Supreme Court overturns ‘Chevron Doctrine,’ curtailing federal government power 

The Supreme Court in Washington on June 20, 2024. Photo by Madalina Vasiliu 
The Supreme Court in Washington on June 20, 2024. Photo by Madalina Vasiliu 

By Matthew Vadum 
Contributing Writer 

The Supreme Court in a vote of 6–3 overturned the so-called Chevron deference, a bureaucracy-empowering judicial doctrine that critics say led to the explosive growth of the U.S. government in recent decades. 

Chief Justice John Roberts wrote the majority opinion in last week’s ruling. Justices Sonia Sotomayor, Elena Kagan, and Ketanji Brown Jackson dissented. 

The 40-year-old judge-invented doctrine holds that an agency’s interpretation of a statute it administers is entitled to deference unless Congress has said otherwise. 

The doctrine provides a legal underpinning for the modern administrative state, which critics deride as an illegitimate fourth branch of government. 

In the landmark ruling in Chevron v. Natural Resources Defense Council in 1984, the court held that while courts “must give effect to the unambiguously expressed intent of Congress,” where courts find Congress has not directly addressed the precise question at issue and “the statute is silent or ambiguous with respect to the specific issue, the question for the court is whether the agency’s answer is based on a permissible construction of the statute.” 

Conservatives and Republican policymakers have long been critical of the doctrine, saying it has contributed to the dramatic growth of government and gives unelected regulators far too much power to make policy by going beyond what Congress intended when it approved various laws. The authority of regulatory agencies has been increasingly questioned by the Supreme Court in recent years.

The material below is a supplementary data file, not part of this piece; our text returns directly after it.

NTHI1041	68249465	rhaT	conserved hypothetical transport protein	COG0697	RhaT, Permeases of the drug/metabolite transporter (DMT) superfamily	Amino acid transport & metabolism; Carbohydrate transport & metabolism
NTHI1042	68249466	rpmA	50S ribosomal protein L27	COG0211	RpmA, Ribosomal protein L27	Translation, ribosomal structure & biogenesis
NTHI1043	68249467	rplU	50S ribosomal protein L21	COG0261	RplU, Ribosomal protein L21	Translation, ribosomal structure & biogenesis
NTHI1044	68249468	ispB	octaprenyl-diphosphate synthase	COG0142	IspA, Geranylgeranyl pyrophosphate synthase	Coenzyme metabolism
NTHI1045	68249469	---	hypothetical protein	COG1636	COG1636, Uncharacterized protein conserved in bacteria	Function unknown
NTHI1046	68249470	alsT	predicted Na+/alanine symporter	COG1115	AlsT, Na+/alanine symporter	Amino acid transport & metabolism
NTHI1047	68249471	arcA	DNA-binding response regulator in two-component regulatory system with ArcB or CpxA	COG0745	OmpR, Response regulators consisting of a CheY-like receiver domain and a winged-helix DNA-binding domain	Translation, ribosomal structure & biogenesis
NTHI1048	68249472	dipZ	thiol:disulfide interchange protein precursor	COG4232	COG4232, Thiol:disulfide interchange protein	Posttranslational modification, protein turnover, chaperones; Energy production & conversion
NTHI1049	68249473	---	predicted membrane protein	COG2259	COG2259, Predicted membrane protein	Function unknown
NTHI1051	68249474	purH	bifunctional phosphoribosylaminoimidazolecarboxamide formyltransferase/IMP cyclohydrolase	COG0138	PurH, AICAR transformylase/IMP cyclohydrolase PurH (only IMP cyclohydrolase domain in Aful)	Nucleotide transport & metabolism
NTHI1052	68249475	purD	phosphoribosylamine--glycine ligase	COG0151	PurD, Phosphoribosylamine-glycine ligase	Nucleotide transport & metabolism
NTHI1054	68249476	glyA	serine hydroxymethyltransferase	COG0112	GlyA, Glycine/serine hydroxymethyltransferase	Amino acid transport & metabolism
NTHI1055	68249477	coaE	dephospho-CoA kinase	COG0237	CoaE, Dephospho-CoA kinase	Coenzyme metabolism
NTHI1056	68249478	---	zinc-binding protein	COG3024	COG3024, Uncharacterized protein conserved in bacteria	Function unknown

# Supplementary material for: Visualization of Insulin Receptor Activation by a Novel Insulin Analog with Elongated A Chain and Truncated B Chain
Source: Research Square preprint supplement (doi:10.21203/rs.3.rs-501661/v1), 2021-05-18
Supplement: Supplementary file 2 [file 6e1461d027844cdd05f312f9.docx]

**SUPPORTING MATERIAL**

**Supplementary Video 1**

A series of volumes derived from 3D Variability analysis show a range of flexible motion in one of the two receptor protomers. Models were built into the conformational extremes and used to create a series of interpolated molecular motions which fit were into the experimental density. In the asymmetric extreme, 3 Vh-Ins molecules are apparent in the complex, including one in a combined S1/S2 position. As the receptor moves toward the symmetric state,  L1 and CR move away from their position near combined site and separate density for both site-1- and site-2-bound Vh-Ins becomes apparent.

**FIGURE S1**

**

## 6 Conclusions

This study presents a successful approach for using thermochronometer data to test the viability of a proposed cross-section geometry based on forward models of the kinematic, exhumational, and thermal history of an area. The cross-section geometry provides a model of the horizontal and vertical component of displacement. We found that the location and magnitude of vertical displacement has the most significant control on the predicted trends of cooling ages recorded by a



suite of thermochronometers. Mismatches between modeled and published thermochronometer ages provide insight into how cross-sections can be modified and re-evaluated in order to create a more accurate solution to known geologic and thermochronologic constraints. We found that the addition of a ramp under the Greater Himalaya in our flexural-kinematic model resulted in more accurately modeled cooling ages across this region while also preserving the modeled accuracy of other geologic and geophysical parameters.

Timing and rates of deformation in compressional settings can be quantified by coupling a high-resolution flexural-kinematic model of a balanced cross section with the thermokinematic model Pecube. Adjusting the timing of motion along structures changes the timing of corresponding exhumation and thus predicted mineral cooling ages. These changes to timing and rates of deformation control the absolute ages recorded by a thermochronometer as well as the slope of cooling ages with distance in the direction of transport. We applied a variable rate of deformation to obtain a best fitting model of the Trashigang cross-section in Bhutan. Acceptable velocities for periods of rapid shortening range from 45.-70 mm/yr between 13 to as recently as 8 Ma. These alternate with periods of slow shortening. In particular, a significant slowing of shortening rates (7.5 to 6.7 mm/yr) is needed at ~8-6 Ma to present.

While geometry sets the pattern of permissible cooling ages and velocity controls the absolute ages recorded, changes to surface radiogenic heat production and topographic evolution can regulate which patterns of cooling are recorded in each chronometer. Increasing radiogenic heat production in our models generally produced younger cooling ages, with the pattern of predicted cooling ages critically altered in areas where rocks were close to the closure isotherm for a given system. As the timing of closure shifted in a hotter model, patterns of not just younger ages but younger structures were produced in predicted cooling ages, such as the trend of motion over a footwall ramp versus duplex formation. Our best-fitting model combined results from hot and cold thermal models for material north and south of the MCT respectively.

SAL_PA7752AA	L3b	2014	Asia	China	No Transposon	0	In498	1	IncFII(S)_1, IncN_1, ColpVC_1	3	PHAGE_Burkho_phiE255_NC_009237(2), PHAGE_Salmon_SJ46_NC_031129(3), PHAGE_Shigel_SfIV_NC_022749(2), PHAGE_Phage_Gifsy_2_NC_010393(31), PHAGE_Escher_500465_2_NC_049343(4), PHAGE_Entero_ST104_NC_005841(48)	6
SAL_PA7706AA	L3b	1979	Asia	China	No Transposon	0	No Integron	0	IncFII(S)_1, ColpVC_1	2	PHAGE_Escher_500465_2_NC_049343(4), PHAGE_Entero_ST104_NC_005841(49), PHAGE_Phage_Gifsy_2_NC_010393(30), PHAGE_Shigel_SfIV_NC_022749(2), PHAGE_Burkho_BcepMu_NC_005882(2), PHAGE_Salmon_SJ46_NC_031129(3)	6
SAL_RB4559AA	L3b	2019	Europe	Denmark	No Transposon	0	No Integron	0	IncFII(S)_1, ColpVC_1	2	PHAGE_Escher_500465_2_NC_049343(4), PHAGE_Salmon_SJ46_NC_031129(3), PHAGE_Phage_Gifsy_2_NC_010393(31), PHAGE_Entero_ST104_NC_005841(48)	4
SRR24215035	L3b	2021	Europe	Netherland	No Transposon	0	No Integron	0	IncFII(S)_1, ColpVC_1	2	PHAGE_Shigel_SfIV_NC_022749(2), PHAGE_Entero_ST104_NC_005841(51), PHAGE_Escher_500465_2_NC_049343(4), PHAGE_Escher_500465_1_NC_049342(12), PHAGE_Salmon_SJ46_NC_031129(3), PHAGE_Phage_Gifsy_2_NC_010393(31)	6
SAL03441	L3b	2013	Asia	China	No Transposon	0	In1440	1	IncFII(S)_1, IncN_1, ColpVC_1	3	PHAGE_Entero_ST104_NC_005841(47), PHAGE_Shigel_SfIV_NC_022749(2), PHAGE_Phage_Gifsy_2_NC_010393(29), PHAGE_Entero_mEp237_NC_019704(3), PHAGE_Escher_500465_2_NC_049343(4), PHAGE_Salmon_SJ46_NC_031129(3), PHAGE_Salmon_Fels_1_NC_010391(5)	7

Those on the other side say the Chevron doctrine empowers an activist federal government to serve the public interest in an increasingly complicated world without having to seek specific congressional authorization for everything that needs to be done. 

The new ruling came in two related cases that the court heard on Jan. 17: Relentless Inc. v. Department of Commerce and Loper Bright Enterprises v. Raimondo. 

The cases at hand go back to 2020 when the U.S. Department of Commerce’s National Oceanic and Atmospheric Administration and its National Marine Fisheries Service implemented a final rule to compel fishing companies to pay for human monitors aboard their vessels. 

The companies said the burden of paying for the monitors was a hardship that significantly reduced their profit margins. 

On Jan. 17, Relentless Inc. attorney Roman Martinez told the justices that the Chevron deference must be overruled. “For too long, Chevron has distorted the judicial process and undermined statutory interpretation,” he said. 

“Chevron violates the Constitution. Article III empowers judges to say what the law is … [and] to interpret federal statutes using their best and independent judgment. Chevron undermines that duty. It reallocates interpretive authority from courts to agencies, and it forces courts to adopt inferior agency constructions that are issued for political or policy reasons. 

“In doing so, Chevron blocks judges from serving as faithful agents of Congress. It mandates judicial bias and encourages agency overreach, and by removing key checks on executive power, it threatens individual liberty.” 

U.S. Solicitor General Elizabeth Prelogar countered that overturning the Chevron deference would cause upheaval and lead to “endless litigation.” 

“Thousands of judicial decisions sustaining an agency’s rulemaking or adjudication as reasonable would be open to challenge, and that profound disruption is especially unwarranted because Congress could modify or overrule the Chevron framework at any time,” she said at the time.  

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